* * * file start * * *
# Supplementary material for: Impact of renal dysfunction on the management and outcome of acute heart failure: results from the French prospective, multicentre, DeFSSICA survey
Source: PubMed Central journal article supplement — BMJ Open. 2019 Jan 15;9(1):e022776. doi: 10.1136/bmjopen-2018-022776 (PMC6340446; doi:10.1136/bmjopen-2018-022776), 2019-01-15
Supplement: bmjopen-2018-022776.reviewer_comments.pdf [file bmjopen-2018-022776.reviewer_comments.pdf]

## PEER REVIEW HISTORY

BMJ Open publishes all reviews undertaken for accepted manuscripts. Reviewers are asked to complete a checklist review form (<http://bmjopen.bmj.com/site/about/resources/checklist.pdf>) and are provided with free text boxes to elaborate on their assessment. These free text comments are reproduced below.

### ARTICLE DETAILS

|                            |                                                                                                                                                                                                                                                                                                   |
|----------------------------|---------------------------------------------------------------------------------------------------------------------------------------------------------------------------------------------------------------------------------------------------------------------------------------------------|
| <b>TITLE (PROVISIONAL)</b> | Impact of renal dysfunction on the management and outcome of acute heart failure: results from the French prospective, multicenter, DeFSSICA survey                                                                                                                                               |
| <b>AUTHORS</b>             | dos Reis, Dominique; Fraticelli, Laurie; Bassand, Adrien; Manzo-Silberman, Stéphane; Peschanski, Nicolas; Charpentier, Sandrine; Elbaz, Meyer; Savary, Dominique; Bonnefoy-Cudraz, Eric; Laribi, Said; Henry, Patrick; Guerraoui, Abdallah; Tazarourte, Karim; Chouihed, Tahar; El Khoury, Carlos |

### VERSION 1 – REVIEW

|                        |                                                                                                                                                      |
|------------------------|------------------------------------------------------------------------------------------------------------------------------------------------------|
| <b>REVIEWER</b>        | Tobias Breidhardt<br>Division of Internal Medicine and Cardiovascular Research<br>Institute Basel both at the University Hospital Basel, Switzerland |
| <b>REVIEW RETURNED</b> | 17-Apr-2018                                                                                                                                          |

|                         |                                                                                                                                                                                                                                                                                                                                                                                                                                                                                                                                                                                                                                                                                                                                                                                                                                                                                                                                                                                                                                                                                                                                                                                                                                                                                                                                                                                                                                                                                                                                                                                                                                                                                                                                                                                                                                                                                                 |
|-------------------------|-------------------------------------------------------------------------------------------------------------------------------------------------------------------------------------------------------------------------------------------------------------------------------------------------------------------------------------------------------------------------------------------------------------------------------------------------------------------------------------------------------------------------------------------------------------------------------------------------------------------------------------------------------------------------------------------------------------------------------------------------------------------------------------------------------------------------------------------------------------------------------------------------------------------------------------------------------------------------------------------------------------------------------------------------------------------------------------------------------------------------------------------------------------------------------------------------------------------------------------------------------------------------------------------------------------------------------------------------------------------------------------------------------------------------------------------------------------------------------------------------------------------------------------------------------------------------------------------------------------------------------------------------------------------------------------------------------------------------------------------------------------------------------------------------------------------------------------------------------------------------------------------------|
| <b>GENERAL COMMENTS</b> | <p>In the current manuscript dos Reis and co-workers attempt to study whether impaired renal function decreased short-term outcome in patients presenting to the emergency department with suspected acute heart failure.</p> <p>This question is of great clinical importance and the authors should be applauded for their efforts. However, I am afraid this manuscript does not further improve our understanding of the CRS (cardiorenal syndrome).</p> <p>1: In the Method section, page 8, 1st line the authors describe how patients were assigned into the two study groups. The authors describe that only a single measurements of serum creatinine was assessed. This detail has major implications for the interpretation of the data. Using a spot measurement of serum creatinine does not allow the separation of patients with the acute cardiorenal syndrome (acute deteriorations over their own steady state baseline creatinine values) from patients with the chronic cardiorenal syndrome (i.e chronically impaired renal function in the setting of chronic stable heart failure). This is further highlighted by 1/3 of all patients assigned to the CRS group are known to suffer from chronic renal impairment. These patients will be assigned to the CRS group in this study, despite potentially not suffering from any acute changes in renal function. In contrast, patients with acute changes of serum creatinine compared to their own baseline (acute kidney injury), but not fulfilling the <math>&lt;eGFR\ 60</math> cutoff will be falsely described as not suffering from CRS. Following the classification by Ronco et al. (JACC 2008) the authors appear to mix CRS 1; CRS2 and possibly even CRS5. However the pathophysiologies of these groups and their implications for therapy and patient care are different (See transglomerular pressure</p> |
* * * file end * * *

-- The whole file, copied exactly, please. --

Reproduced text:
# Supplementary material for: Impact of renal dysfunction on the management and outcome of acute heart failure: results from the French prospective, multicentre, DeFSSICA survey
Source: PubMed Central journal article supplement — BMJ Open. 2019 Jan 15;9(1):e022776. doi: 10.1136/bmjopen-2018-022776 (PMC6340446; doi:10.1136/bmjopen-2018-022776), 2019-01-15
Supplement: bmjopen-2018-022776.reviewer_comments.pdf [file bmjopen-2018-022776.reviewer_comments.pdf]

## PEER REVIEW HISTORY

BMJ Open publishes all reviews undertaken for accepted manuscripts. Reviewers are asked to complete a checklist review form (<http://bmjopen.bmj.com/site/about/resources/checklist.pdf>) and are provided with free text boxes to elaborate on their assessment. These free text comments are reproduced below.

### ARTICLE DETAILS

|                            |                                                                                                                                                                                                                                                                                                   |
|----------------------------|---------------------------------------------------------------------------------------------------------------------------------------------------------------------------------------------------------------------------------------------------------------------------------------------------|
| <b>TITLE (PROVISIONAL)</b> | Impact of renal dysfunction on the management and outcome of acute heart failure: results from the French prospective, multicenter, DeFSSICA survey                                                                                                                                               |
| <b>AUTHORS</b>             | dos Reis, Dominique; Fraticelli, Laurie; Bassand, Adrien; Manzo-Silberman, Stéphane; Peschanski, Nicolas; Charpentier, Sandrine; Elbaz, Meyer; Savary, Dominique; Bonnefoy-Cudraz, Eric; Laribi, Said; Henry, Patrick; Guerraoui, Abdallah; Tazarourte, Karim; Chouihed, Tahar; El Khoury, Carlos |

### VERSION 1 – REVIEW

|                        |                                                                                                                                                      |
|------------------------|------------------------------------------------------------------------------------------------------------------------------------------------------|
| <b>REVIEWER</b>        | Tobias Breidhardt<br>Division of Internal Medicine and Cardiovascular Research<br>Institute Basel both at the University Hospital Basel, Switzerland |
| <b>REVIEW RETURNED</b> | 17-Apr-2018                                                                                                                                          |

|                         |                                                                                                                                                                                                                                                                                                                                                                                                                                                                                                                                                                                                                                                                                                                                                                                                                                                                                                                                                                                                                                                                                                                                                                                                                                                                                                                                                                                                                                                                                                                                                                                                                                                                                                                                                                                                                                                                                                 |
|-------------------------|-------------------------------------------------------------------------------------------------------------------------------------------------------------------------------------------------------------------------------------------------------------------------------------------------------------------------------------------------------------------------------------------------------------------------------------------------------------------------------------------------------------------------------------------------------------------------------------------------------------------------------------------------------------------------------------------------------------------------------------------------------------------------------------------------------------------------------------------------------------------------------------------------------------------------------------------------------------------------------------------------------------------------------------------------------------------------------------------------------------------------------------------------------------------------------------------------------------------------------------------------------------------------------------------------------------------------------------------------------------------------------------------------------------------------------------------------------------------------------------------------------------------------------------------------------------------------------------------------------------------------------------------------------------------------------------------------------------------------------------------------------------------------------------------------------------------------------------------------------------------------------------------------|
| <b>GENERAL COMMENTS</b> | <p>In the current manuscript dos Reis and co-workers attempt to study whether impaired renal function decreased short-term outcome in patients presenting to the emergency department with suspected acute heart failure.</p> <p>This question is of great clinical importance and the authors should be applauded for their efforts. However, I am afraid this manuscript does not further improve our understanding of the CRS (cardiorenal syndrome).</p> <p>1: In the Method section, page 8, 1st line the authors describe how patients were assigned into the two study groups. The authors describe that only a single measurements of serum creatinine was assessed. This detail has major implications for the interpretation of the data. Using a spot measurement of serum creatinine does not allow the separation of patients with the acute cardiorenal syndrome (acute deteriorations over their own steady state baseline creatinine values) from patients with the chronic cardiorenal syndrome (i.e chronically impaired renal function in the setting of chronic stable heart failure). This is further highlighted by 1/3 of all patients assigned to the CRS group are known to suffer from chronic renal impairment. These patients will be assigned to the CRS group in this study, despite potentially not suffering from any acute changes in renal function. In contrast, patients with acute changes of serum creatinine compared to their own baseline (acute kidney injury), but not fulfilling the <math>&lt;eGFR\ 60</math> cutoff will be falsely described as not suffering from CRS. Following the classification by Ronco et al. (JACC 2008) the authors appear to mix CRS 1; CRS2 and possibly even CRS5. However the pathophysiologies of these groups and their implications for therapy and patient care are different (See transglomerular pressure</p> |